Most birders can easily identify that a particular bird is indeed a woodpecker, but most experience trouble when trying to identify the specific species of woodpeckers commonly seen in their backyards.
This quick guide will go over six popular species of woodpeckers and serve as an identification aid, but we always recommend having your trusted Field Guide in hand for quick reference.
One of the smallest species of woodpeckers in Canada, the Downy sports a black and white plumage with a broad white stripe down its back. The wings display a checkered pattern, while the crown of the head is black with both black and white lines along the cheeks and neck of the bird.
The male and female Downies are roughly the same size, but you can spot a male by the patch of red feathers at the back of the crown.
The red-headed woodpecker adults have a black back and tail, with you guess it: a red head and neck. The underparts of this bird are mainly white, with black wings adorned with white secondaries. The red-headed woodpecker is a medium-sized woodpecker, and interestingly, is one of only four North American Woodpeckers known to store food.
Not to be confused (but often are) with the red-headed woodpecker, the red-bellied woodpecker is a much more pale looking woodpecker. Adults are mainly light grey on their face and under parts, with black and white barred patterns on their back, tail and wings. They do also obviously have a red belly, but it is usually quite difficult to view on the bird in the wild.
Adult males sport a red cap going from the bill to the nape, while females have a red patch on the nape and another above their bill.
With its striking size, the Pileated Woodpecker is often a wonderful sight to birders. Adults are mainly black with a red crest and white line down the sides of their throats. Male Pileated Woodpeckers have a red line from the bill to the throat and red on the front of the crown. While in females, these lines are black.
As stated, the Pileated is a very large woodpecker with a long neck, often roughly the size of a large crow. As a point of interest to birders, the Pileated Woodpecker is a bug eater, equipped with a very long tongue that actually separates inside of their skull and wraps in around behind the head! These vocal birds often travel in pairs, and a large suit feeder is your best bet to bringing them into close range.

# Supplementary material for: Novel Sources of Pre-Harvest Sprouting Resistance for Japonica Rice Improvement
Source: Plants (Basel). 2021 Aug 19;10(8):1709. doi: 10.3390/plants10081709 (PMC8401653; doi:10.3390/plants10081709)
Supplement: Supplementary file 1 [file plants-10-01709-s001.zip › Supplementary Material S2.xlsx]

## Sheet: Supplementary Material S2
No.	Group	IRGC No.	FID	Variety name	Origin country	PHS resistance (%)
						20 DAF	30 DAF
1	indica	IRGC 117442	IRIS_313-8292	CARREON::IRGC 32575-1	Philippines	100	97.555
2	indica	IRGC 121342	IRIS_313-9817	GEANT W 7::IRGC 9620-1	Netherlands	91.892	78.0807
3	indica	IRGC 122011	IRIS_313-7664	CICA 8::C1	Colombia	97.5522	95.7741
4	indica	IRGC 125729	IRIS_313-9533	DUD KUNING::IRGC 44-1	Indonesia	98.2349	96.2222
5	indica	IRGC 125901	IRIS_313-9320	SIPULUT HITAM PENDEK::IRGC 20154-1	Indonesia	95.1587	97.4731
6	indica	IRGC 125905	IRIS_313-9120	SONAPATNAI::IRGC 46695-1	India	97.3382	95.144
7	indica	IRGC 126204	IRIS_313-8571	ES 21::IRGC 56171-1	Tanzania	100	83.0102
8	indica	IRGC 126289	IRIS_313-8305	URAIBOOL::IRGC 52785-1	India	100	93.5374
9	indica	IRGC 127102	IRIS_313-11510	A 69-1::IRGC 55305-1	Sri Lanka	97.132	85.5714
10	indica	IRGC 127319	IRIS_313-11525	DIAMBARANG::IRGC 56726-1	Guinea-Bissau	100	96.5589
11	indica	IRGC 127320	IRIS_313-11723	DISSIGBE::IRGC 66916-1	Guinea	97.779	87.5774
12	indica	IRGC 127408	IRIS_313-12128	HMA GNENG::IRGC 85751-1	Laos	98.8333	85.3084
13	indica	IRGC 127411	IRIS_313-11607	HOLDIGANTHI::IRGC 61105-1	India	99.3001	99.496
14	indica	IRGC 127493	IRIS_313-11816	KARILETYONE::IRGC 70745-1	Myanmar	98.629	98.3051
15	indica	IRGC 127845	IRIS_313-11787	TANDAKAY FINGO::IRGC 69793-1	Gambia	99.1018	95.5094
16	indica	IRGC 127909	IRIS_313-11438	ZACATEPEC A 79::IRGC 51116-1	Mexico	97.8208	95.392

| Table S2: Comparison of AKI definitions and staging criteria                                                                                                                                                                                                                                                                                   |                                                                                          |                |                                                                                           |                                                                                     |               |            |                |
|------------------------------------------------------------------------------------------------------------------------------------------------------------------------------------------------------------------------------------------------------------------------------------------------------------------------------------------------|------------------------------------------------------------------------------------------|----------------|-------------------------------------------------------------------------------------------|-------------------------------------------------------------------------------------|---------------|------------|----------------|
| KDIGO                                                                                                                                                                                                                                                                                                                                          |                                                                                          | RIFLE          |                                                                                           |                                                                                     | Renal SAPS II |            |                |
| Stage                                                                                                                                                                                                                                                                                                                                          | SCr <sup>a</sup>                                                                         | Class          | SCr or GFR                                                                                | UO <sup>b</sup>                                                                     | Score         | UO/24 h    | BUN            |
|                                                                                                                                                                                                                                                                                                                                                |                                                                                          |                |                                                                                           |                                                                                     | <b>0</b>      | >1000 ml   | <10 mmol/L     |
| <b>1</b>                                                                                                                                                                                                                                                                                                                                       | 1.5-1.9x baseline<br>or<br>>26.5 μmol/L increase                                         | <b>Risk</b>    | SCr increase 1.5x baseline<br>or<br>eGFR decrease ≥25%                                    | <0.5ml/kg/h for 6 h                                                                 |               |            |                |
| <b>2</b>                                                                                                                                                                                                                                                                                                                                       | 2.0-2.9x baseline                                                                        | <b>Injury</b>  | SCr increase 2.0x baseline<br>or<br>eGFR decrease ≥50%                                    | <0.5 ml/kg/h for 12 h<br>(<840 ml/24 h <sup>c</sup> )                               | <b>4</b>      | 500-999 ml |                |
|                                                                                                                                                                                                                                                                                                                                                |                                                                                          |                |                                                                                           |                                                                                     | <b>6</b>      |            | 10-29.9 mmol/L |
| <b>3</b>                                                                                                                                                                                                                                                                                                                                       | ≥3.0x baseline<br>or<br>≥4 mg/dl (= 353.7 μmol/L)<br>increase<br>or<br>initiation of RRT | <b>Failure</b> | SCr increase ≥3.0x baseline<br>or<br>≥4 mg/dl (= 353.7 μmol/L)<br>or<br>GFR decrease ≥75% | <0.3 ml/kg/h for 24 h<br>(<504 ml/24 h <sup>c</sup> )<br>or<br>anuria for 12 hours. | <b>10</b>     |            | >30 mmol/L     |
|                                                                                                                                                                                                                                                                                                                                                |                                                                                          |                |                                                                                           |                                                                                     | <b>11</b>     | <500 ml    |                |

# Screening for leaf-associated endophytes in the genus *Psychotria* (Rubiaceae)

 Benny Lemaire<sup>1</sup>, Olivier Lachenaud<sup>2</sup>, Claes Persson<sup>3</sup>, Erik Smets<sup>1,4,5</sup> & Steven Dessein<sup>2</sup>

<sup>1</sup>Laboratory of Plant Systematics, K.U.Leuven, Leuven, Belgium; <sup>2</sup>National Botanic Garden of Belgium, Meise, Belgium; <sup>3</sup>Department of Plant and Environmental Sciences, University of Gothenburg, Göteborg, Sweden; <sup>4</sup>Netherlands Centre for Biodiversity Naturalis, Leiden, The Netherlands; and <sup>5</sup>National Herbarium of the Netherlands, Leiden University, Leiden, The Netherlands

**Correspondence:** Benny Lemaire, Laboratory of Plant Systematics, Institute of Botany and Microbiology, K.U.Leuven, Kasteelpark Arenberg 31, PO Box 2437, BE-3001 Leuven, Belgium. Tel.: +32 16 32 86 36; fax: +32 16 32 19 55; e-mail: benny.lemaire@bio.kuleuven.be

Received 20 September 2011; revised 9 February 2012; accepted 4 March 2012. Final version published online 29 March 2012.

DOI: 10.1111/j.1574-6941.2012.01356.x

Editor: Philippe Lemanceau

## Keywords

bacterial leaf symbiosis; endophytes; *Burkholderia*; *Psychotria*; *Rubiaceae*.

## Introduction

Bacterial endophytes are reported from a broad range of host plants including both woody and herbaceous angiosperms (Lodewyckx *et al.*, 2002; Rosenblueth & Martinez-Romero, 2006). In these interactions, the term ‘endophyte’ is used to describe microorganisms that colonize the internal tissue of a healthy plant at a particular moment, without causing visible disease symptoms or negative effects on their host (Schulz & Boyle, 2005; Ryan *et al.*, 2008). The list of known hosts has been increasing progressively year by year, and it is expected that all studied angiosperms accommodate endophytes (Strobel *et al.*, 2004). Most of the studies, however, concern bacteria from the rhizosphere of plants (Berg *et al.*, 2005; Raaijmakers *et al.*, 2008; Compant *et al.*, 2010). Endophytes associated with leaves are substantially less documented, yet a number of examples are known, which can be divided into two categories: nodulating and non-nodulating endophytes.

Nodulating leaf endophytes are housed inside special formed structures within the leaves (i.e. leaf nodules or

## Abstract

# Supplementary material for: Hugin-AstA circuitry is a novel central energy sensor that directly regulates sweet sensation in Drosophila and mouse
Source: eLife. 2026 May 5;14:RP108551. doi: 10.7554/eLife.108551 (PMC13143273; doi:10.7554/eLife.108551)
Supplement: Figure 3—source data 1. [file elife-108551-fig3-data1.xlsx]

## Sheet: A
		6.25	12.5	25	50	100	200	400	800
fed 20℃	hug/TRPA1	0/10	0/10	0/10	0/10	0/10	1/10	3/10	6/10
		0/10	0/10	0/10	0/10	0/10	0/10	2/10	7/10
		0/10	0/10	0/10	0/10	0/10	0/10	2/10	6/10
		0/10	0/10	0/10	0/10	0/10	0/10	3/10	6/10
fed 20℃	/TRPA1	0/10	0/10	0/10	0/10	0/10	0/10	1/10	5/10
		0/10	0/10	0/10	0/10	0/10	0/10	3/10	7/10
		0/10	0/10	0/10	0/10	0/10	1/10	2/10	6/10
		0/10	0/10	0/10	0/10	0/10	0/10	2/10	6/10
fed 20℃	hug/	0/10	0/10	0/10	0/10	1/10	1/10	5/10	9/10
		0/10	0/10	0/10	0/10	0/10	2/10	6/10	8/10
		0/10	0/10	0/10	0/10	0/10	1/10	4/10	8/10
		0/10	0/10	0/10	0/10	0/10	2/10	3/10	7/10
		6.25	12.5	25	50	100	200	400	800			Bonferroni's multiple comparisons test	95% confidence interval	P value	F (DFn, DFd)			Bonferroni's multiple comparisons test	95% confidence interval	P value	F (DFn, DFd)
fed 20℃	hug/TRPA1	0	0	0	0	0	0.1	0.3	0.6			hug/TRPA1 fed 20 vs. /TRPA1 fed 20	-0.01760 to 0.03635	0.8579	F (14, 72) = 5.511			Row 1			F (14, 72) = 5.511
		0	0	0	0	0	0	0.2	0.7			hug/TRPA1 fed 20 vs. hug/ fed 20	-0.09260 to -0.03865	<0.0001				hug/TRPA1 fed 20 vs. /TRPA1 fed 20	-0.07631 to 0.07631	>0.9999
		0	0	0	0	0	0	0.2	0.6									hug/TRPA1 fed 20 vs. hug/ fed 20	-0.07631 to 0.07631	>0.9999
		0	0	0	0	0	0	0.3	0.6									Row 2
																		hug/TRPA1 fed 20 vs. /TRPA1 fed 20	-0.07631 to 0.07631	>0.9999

Bearing a heavy resemblance to the much smaller Downy Woodpecker, the Hairy Woodpecker adults are mainly black on their upper parts and wings. They also have a white or pale black and white spotting on their wings, and depending on the subspecies, their throat and bellies can vary from a white color to a sooty brown coloring.
The Hairy Woodpecker also have a distinctive white bar above and below the eye, while males can be seen with a red patch on the back of their heads, seen as more of an orange-red color among juveniles.
As far as distinguishing the Hairy Woodpecker from the Downy Woodpecker, you must look beyond the basic plumage. The Downy has a shorter bill in comparison to the size of its head and has additional spotting on its white tail feathers, which the Hairy Woodpecker does not.
Yellow Bellied Sap Sucker
A medium-sized woodpecker, the Yellow Bellied Sap Sucker adults are black on the back and wings, both adorned with white bars. Their heads are also black sporting white lines down both the sides and forehead and crown of the bird. The Yellow Bellied Sap Sucker, as its name suggests, also has a yellow breast and upper belly with a white lower belly and rump with a black tail with a white bar down the center. Deciphering males and females are relatively easy, the males have a red throat while females throats are white in color.